When loyalty costs

A super complaint launched by the Citizens Advice Bureau has found that loyalty costs UK consumers an additional £877 per annum; when compared to what new customers would pay for the same services. Their research found that five broad areas were affected by hiked renewal costs:

  • Mortgages;
  • Cash ISAs;
  • Insurances – income, sickness and protection insurances but particularly household insurance;
  • Broadband contracts;
  • Mobile phone contracts.

When loyalty costs mortgagees

A survey in late July by This is Money found that in some cases a building society was charging long-standing mortgage customers £4,020 more per year than new customers that signed up for the building society’s cheapest two-year fixed mortgage. Another building society brand was close behind charging an extra £3,156 to existing customers. Even the bank charging existing customers the least difference between charges for new customers had added an additional £1,788 in mortgage costs for loyal customers.

Many mortgage customers are getting caught-out by taking up good fixed-rate deals when they are new to a lender; only to find that standard variable rates – which are due at the end of the fixed-rate term, are much higher.

In fact; the gap between lenders best fixed-rate deals and standard variable rate has quadrupled in the past six years.

Typically banks and building societies offer fixed-rates from between two to five years. The same study found that the bigger the deposit in the first place 20%, 35% the greater the leap in cost from fixed-rates to variable rates.

We would recommend speaking to a mortgage specialist financial advisor about mortgage rates, especially if a mortgage has reached the end of its fixed-rate term.

Read our tips on how to prepare to meet an IFA.

However as regards mortgages, understanding any penalties eg early redemption fees, the mortgage terms and current property value are worth checking before booking a consultation with a mortgage specialist.

When loyalty costs cash ISA customers

Money Saving Expert found in June that banks offering loyalty reward Cash ISAs, were offering loyal customers dismal interest rates when compared to new customers. One bank was offering existing customers between 0.7% to 1.0% interest rates on a Cash ISA whereas, a competitor’s best buy instant Cash ISA was offering 1.3% interest rates to new customers.

Of course; the other benefit of ISAs is that investors do not pay tax on savings interest; or savers pay reduced tax on interest rates on investments including Capital Gains tax.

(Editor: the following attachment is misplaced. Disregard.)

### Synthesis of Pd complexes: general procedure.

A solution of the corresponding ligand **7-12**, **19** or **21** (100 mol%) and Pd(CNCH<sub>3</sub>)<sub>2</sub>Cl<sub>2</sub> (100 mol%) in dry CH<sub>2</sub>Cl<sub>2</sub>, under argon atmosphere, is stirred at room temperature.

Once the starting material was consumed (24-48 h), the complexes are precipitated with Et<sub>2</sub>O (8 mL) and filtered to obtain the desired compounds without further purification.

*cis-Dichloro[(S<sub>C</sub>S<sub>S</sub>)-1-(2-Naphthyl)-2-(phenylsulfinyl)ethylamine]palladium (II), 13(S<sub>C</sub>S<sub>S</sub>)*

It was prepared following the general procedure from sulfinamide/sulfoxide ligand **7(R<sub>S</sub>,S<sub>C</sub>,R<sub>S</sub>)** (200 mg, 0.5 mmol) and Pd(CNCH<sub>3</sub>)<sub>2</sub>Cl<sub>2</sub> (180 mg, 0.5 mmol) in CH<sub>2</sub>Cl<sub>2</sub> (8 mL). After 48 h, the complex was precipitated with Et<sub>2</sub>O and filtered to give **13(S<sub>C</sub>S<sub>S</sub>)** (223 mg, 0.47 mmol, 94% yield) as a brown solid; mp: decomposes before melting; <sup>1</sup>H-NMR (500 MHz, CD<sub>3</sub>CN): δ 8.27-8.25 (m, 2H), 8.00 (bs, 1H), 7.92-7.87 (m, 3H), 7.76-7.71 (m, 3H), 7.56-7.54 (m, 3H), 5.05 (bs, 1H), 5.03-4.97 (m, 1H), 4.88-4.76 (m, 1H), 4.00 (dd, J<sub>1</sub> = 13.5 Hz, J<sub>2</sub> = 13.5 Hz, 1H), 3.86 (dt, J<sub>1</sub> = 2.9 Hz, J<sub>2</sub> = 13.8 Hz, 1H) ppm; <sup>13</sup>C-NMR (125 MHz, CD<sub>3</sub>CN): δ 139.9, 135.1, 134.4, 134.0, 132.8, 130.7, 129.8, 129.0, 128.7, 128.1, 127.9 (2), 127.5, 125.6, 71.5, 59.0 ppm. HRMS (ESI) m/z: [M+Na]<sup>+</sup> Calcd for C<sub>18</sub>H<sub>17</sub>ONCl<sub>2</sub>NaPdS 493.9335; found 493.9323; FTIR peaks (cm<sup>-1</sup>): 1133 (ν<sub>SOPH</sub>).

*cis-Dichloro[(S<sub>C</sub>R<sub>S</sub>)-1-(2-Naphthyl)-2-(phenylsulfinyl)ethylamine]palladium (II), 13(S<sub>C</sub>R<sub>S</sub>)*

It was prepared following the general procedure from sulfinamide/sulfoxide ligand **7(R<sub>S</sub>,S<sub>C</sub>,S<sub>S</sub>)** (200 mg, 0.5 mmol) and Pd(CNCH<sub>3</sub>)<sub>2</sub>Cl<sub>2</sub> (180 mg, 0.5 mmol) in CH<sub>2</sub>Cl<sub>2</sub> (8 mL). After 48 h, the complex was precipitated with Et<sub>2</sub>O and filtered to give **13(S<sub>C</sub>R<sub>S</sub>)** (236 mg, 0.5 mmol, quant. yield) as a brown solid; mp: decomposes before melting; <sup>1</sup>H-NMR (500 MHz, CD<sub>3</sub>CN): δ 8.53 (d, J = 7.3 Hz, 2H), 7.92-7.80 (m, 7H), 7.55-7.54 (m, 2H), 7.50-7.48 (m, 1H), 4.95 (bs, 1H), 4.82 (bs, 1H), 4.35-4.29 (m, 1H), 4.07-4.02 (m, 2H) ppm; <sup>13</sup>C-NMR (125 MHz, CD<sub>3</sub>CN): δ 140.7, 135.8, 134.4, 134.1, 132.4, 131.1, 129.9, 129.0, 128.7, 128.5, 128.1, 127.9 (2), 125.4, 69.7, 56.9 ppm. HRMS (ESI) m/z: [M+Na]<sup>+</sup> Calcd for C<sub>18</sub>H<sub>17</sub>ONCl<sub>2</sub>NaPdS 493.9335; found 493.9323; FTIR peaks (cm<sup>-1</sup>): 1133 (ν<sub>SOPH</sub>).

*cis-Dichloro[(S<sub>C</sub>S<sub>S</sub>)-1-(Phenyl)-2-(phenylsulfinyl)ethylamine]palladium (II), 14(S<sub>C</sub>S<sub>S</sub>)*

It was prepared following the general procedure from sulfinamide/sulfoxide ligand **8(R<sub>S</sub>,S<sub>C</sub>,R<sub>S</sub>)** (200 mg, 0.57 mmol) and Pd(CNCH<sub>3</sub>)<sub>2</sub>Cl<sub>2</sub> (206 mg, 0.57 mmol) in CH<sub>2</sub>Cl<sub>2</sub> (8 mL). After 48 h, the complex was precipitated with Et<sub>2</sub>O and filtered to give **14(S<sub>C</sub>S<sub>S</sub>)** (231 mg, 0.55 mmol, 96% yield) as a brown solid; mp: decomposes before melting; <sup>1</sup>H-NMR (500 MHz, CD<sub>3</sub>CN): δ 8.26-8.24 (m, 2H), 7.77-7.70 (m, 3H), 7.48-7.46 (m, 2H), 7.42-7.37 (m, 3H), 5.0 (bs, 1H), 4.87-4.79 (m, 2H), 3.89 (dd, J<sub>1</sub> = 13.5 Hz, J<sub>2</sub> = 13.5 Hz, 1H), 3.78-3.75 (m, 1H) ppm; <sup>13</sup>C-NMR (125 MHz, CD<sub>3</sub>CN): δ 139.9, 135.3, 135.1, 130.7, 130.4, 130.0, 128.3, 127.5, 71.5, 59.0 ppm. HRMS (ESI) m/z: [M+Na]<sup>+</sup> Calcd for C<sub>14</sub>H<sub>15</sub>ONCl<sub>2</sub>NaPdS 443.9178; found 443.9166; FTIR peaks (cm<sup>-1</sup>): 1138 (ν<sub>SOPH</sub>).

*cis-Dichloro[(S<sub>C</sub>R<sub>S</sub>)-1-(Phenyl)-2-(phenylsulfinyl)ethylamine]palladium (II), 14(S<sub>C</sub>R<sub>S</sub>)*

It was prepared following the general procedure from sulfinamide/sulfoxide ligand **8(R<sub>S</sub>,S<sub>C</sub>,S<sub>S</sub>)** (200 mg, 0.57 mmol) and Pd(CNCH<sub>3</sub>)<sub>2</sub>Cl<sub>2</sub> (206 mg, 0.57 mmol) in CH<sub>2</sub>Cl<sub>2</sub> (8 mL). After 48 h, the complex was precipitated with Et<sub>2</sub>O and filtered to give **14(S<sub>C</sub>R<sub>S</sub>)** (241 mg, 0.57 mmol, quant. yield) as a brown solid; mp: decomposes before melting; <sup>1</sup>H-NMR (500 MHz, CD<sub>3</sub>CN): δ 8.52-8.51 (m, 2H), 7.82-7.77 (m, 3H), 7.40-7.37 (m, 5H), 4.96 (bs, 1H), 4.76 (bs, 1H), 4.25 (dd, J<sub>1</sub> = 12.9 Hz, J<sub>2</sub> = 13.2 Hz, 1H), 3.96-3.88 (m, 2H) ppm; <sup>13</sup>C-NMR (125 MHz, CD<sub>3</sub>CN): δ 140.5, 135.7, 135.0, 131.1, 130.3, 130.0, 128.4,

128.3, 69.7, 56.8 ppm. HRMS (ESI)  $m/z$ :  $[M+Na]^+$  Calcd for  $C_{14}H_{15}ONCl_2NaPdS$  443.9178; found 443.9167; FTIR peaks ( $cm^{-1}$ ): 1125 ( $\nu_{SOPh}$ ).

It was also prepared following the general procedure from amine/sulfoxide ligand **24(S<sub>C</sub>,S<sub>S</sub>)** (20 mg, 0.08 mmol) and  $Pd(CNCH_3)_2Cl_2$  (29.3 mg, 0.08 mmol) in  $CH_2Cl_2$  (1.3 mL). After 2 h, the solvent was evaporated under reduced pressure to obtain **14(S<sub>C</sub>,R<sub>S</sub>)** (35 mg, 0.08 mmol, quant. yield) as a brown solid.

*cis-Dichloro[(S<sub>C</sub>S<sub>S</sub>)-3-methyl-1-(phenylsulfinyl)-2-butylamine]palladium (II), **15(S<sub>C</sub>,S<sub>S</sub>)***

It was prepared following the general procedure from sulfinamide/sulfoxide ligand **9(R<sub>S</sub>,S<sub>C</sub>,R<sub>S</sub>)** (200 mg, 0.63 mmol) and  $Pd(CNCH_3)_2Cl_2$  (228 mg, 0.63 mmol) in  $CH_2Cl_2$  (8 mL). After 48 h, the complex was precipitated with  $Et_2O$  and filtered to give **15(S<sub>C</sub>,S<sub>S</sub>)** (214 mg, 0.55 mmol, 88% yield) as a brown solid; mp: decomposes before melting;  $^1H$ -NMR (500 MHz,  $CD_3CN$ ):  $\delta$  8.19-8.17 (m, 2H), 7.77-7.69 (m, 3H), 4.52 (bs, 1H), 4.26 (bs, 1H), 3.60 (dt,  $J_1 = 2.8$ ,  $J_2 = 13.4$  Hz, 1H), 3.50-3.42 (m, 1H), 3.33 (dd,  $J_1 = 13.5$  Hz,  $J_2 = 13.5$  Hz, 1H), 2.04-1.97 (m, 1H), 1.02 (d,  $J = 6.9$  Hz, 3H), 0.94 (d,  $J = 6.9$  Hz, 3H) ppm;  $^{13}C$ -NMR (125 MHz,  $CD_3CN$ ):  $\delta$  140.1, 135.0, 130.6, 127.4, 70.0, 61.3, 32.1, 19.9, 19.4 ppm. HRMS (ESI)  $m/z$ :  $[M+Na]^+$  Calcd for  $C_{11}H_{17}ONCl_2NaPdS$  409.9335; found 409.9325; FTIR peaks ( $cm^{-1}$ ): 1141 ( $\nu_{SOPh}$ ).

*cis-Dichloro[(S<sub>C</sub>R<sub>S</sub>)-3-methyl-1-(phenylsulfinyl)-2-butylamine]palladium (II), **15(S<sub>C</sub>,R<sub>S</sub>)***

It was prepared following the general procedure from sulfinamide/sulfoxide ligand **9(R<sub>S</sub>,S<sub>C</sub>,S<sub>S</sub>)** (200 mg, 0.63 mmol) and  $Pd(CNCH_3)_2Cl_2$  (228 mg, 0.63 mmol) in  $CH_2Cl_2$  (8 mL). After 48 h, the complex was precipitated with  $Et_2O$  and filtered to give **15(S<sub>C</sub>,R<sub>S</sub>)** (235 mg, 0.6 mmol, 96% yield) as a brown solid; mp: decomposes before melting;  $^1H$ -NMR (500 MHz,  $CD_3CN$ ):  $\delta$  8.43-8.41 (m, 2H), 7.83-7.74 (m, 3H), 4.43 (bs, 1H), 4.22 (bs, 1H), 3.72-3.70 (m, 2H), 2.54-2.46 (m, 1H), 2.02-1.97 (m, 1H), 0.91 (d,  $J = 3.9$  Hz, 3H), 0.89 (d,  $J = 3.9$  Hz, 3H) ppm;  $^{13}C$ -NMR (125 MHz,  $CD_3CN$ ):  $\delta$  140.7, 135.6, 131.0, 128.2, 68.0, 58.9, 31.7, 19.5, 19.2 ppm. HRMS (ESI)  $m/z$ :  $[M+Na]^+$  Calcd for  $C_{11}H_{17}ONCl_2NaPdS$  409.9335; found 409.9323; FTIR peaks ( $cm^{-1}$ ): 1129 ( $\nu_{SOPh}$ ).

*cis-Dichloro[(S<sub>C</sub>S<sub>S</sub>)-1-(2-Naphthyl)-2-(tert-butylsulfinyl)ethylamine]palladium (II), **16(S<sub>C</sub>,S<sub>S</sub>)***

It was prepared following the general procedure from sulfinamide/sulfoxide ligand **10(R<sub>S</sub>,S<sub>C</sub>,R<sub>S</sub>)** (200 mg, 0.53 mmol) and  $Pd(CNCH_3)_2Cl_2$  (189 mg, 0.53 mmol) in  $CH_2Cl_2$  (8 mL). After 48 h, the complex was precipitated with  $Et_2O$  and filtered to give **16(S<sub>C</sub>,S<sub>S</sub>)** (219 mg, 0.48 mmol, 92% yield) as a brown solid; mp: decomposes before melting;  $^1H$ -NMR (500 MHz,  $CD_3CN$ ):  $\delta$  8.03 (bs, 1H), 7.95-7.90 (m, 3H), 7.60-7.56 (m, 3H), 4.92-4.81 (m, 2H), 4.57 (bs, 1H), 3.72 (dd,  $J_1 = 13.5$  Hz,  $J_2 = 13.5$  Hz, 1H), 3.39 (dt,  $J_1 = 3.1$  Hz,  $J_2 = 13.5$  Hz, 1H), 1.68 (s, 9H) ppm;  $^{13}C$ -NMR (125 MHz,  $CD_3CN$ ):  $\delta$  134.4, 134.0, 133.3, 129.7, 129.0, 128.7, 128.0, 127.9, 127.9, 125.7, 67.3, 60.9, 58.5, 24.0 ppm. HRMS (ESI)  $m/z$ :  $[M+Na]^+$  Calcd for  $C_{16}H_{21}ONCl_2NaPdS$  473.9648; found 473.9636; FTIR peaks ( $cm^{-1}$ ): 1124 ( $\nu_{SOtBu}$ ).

Cash ISAs are not the only Investment Savings Accounts that can be held. Investors can also save in Stocks and Shares ISAs which; provide investors with a way to invest individual company shares and money in a tax efficient way. Also; unit trusts, investment trusts, open-ended investment companies (Oeics), government bonds and corporate bonds. Can be included within these Stocks and Shares ISAs.

We would recommend speaking to an investment specialist IFA about savings and investments. Sharing financial goals with an IFA will help the investment specialist to tailor advice to help achieve a client’s financial objectives. Read our guide on how to prepare to meet an IFA here.

When loyalty costs insurances customers

Though the main findings of the super complaint launched by the Citizens Advice Bureau were against hiked home insurance prices, protection insurances also do not favour loyal customers. Many customers that purchase life insurance along with their mortgage may be paying more for their life insurance (level term life insurance) than they would if they had bought insurance from a different provider.

One such customer cancelled their existing policy, buying it again as a new customer from the same provider. In so doing they reduced their premiums to £9.00pm from £23.00pm; making an overall policy cost saving of more than £2,000.

If medical conditions have changed (for the better) after taking out protection insurances – income, sickness or medical insurances, some quite significant cost savings could be made. See our article on quitting smoking.

Again; we would advise that all life and protection insurances are reviewed regularly with an insurance specialist IFA. Preparing plan details including terms and premium costs will help the IFA to quickly see if the protection is right for the client and if any savings can be made.

Please call our team of Chichester-based IFAs on 01243 532 635 to arrange a consultation.

To discuss pensions, retirement and investment plans (including ISAs) with us please ask to speak to Richard Smith.

To discuss Life, serious illness, equity release (to provide for retirement income) and income protection insurances please ask to speak to Hamish Gairns.

To discuss mortgages and mortgage insurances please ask to speak to James Mayne.